After you download the app, fill out all the information requested by your HCP before the visit. “We still need the same information regarding insurance and any forms normally filled out while sitting in the waiting room,” Dr. Stukus says.

Concerned about your Wi-Fi connection? If you can stream movies, you should have enough bandwidth to get through a telemedicine visit, Stukus notes. If your connection is too weak, a phone consultation can be arranged.

The next steps in preparing for your online appointment aren’t much different from how you’d get ready for an in-person visit.

Start by making a list of your symptoms and how long you’ve had them, Dr. Elliott advises. She also recommends doing the following:

  • If you think you have a fever, take your temperature with a home thermometer.
  • If you have a chronic condition and have a blood pressure cuff, scale, or glucose monitor, take readings right before your visit and write them down. Or take a picture of them on your phone so you can show your HCP.
  • If you have a rash, take a photo of it in high resolution or portrait mode.
  • If you think you may have a urinary tract infection, buy over-the-counter test strips at your local pharmacy and test your urine before your online appointment.

It’s also important to have a list of your current medications and the doses you are taking, Stukus says. Make sure you know the phone number and address of your local pharmacy if you need refills or a new prescription.

How to schedule and attend your appointment 

Telehealth visits can be scheduled by calling your HCP’s office and requesting a virtual visit. Some HCPs also enable patients to schedule telehealth appointments online.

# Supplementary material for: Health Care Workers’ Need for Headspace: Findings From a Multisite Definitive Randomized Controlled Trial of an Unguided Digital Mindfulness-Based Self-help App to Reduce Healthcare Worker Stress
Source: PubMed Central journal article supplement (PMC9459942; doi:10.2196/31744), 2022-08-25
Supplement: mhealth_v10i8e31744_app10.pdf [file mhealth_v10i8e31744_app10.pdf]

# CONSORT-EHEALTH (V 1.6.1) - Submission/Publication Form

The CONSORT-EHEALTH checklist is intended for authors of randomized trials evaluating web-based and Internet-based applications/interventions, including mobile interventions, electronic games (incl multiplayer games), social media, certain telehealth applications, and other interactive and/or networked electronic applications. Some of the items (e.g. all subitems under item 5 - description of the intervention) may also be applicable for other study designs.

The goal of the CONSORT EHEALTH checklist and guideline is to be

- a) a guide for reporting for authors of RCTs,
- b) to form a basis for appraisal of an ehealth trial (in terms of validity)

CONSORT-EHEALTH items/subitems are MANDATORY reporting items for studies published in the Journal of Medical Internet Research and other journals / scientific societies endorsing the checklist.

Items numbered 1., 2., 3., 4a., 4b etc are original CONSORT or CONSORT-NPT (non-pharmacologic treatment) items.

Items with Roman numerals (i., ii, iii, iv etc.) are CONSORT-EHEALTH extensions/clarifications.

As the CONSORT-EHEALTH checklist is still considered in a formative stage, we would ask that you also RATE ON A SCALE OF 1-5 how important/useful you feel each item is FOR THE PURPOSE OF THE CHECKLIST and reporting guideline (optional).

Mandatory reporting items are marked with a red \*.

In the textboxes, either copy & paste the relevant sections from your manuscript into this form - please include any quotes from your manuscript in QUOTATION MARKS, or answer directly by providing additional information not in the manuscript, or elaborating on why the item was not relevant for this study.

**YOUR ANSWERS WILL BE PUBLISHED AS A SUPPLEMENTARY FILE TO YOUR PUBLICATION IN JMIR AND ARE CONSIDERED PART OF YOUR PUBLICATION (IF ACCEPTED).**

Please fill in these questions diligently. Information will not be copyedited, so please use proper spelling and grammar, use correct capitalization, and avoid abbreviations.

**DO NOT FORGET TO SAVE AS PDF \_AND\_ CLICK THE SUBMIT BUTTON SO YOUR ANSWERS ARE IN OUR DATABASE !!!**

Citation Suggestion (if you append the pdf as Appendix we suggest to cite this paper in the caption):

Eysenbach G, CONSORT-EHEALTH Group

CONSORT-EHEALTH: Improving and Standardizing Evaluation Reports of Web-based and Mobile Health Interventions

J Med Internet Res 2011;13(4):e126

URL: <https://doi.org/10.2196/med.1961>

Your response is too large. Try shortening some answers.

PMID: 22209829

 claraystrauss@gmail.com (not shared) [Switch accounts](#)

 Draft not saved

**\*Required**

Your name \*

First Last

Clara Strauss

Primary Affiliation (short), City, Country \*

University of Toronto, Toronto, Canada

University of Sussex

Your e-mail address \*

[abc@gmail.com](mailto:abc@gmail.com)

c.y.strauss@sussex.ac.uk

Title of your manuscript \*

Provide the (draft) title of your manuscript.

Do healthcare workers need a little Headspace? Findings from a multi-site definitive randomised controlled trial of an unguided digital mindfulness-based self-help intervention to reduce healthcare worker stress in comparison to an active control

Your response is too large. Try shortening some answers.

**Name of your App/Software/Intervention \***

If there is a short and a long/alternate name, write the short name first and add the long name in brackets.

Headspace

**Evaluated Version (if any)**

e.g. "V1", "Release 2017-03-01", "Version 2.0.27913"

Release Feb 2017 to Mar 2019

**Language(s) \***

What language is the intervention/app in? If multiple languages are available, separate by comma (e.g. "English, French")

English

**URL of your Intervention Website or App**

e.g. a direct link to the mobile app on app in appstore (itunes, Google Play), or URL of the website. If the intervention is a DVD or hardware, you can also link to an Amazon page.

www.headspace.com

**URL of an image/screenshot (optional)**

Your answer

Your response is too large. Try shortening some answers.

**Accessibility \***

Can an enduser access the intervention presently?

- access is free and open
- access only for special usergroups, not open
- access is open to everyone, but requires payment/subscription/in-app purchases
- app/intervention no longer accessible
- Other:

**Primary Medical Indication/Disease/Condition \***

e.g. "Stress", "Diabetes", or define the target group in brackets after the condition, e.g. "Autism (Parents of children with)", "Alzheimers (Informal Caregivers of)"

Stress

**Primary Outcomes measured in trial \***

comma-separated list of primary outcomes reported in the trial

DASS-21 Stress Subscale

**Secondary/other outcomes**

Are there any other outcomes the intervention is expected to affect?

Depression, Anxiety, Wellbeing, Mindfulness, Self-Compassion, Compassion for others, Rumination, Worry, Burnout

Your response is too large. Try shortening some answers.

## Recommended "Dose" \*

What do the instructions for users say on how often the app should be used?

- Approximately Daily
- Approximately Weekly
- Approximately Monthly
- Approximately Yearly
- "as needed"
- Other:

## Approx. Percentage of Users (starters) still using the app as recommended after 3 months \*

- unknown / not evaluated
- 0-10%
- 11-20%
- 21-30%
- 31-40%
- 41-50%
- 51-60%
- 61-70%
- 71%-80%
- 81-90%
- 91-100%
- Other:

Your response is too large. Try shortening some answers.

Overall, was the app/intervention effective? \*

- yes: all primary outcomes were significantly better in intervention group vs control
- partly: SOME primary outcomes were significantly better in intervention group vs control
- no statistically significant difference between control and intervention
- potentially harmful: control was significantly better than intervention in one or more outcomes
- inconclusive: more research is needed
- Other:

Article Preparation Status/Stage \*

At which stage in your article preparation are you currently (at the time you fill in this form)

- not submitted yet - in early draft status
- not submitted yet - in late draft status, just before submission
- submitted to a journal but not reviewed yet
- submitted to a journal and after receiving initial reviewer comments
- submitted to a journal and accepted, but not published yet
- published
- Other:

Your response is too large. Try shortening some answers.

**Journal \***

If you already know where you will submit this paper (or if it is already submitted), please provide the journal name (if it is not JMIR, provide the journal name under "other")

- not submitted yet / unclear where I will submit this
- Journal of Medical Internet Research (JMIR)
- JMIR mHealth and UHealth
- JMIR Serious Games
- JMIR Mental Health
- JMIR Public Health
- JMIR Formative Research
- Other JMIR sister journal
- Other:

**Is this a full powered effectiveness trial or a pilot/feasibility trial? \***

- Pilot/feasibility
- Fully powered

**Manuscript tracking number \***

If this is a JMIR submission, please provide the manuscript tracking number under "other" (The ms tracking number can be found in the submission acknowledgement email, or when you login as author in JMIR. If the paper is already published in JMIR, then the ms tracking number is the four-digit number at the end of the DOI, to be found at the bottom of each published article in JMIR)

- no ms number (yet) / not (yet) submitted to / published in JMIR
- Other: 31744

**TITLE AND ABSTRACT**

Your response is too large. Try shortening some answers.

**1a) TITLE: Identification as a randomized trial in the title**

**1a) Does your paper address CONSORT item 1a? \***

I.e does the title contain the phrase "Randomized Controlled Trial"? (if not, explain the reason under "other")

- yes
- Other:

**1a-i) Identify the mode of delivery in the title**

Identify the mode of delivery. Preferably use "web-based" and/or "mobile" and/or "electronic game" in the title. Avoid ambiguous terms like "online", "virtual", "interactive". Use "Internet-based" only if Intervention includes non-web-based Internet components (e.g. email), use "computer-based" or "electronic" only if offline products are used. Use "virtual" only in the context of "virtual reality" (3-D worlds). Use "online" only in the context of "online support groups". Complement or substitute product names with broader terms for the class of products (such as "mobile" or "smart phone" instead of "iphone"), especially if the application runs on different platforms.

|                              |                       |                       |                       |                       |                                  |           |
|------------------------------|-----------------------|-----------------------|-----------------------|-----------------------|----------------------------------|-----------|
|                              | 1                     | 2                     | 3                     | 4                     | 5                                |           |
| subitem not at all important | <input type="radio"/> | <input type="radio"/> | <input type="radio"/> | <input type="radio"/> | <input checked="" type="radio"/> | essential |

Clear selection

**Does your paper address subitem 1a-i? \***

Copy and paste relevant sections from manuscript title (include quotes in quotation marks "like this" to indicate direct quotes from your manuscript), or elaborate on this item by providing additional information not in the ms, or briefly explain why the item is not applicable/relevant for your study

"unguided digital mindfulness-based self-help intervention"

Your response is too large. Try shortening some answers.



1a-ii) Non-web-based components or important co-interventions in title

Before your online appointment, your HCP’s office will tell you how to connect with the provider. Typically, you’ll receive a link that you will click on to be connected, Elliott says.

If you would like an HCP consultation right away, there are companies that provide on-demand appointments. There are dozens of apps that are currently in use for telemedicine, including MDLIVE, Lemonaid, LiveHealth, Amwell, and Doctor On Demand.

Think of them as virtual walk-in clinics, says Elliott.

A few minutes before your appointment, take these steps:

  • Find a safe, stable place to do your session. (If you’re in your car, pull over and park.)
  • Choose a well-lighted, private room. Since you will be speaking about and sharing your personal health information, privacy is important. Try to avoid conducting a telemedicine session in a public place.
  • Turn off any television or music noise in the background.
  • Make sure your camera and microphone are turned on.
  • Use headphones if you have them.

What to expect during a virtual visit

Once you see the HCP appear on the screen, the appointment begins. Your HCP will be able to see and hear you as well. Just like a typical office visit, you’ll be asked about your symptoms and medical history.

Your HCP may walk you through a few steps to perform a physical exam. For example, you may be asked to tap on your sinuses or open your mouth in front of the camera on your device to reveal the back of your throat, Elliott says.

What happens during your visit also depends on why you made the appointment. A visit for a sore throat may last about 10 minutes while a visit for a more complex issue could take longer, she adds.

Telemedicine can be a lifeline for people with disabilities or those who have trouble getting to an in-person appointment. When it works well, telemedicine combines access to care, quality, and convenience, says Joseph C. Kvedar, MD, professor of dermatology at Harvard Medical School and past chair of the board of the American Telemedicine Association. “When these three things come together, it’s a magical outcome.”

Article sources open article sources

Judd E. Hollander, MD, and Brendan G. Carr, MD. Virtually Perfect? Telemedicine for Covid-19. The New England Journal of Medicine. March 11, 2020.
U.S. Department of Health and Human Services. Notification of Enforcement Discretion for Telehealth Remote Communications During the COVID-19 Nationwide Public Health Emergency. Content last reviewed January 20, 2021.
American Hospital Association. Fact Sheet: Telehealth. February 2019.
Middleton, Jennifer, MD, MPH. Telehealth: improving connections or widening disparities? American Family Physician. March 30, 2020.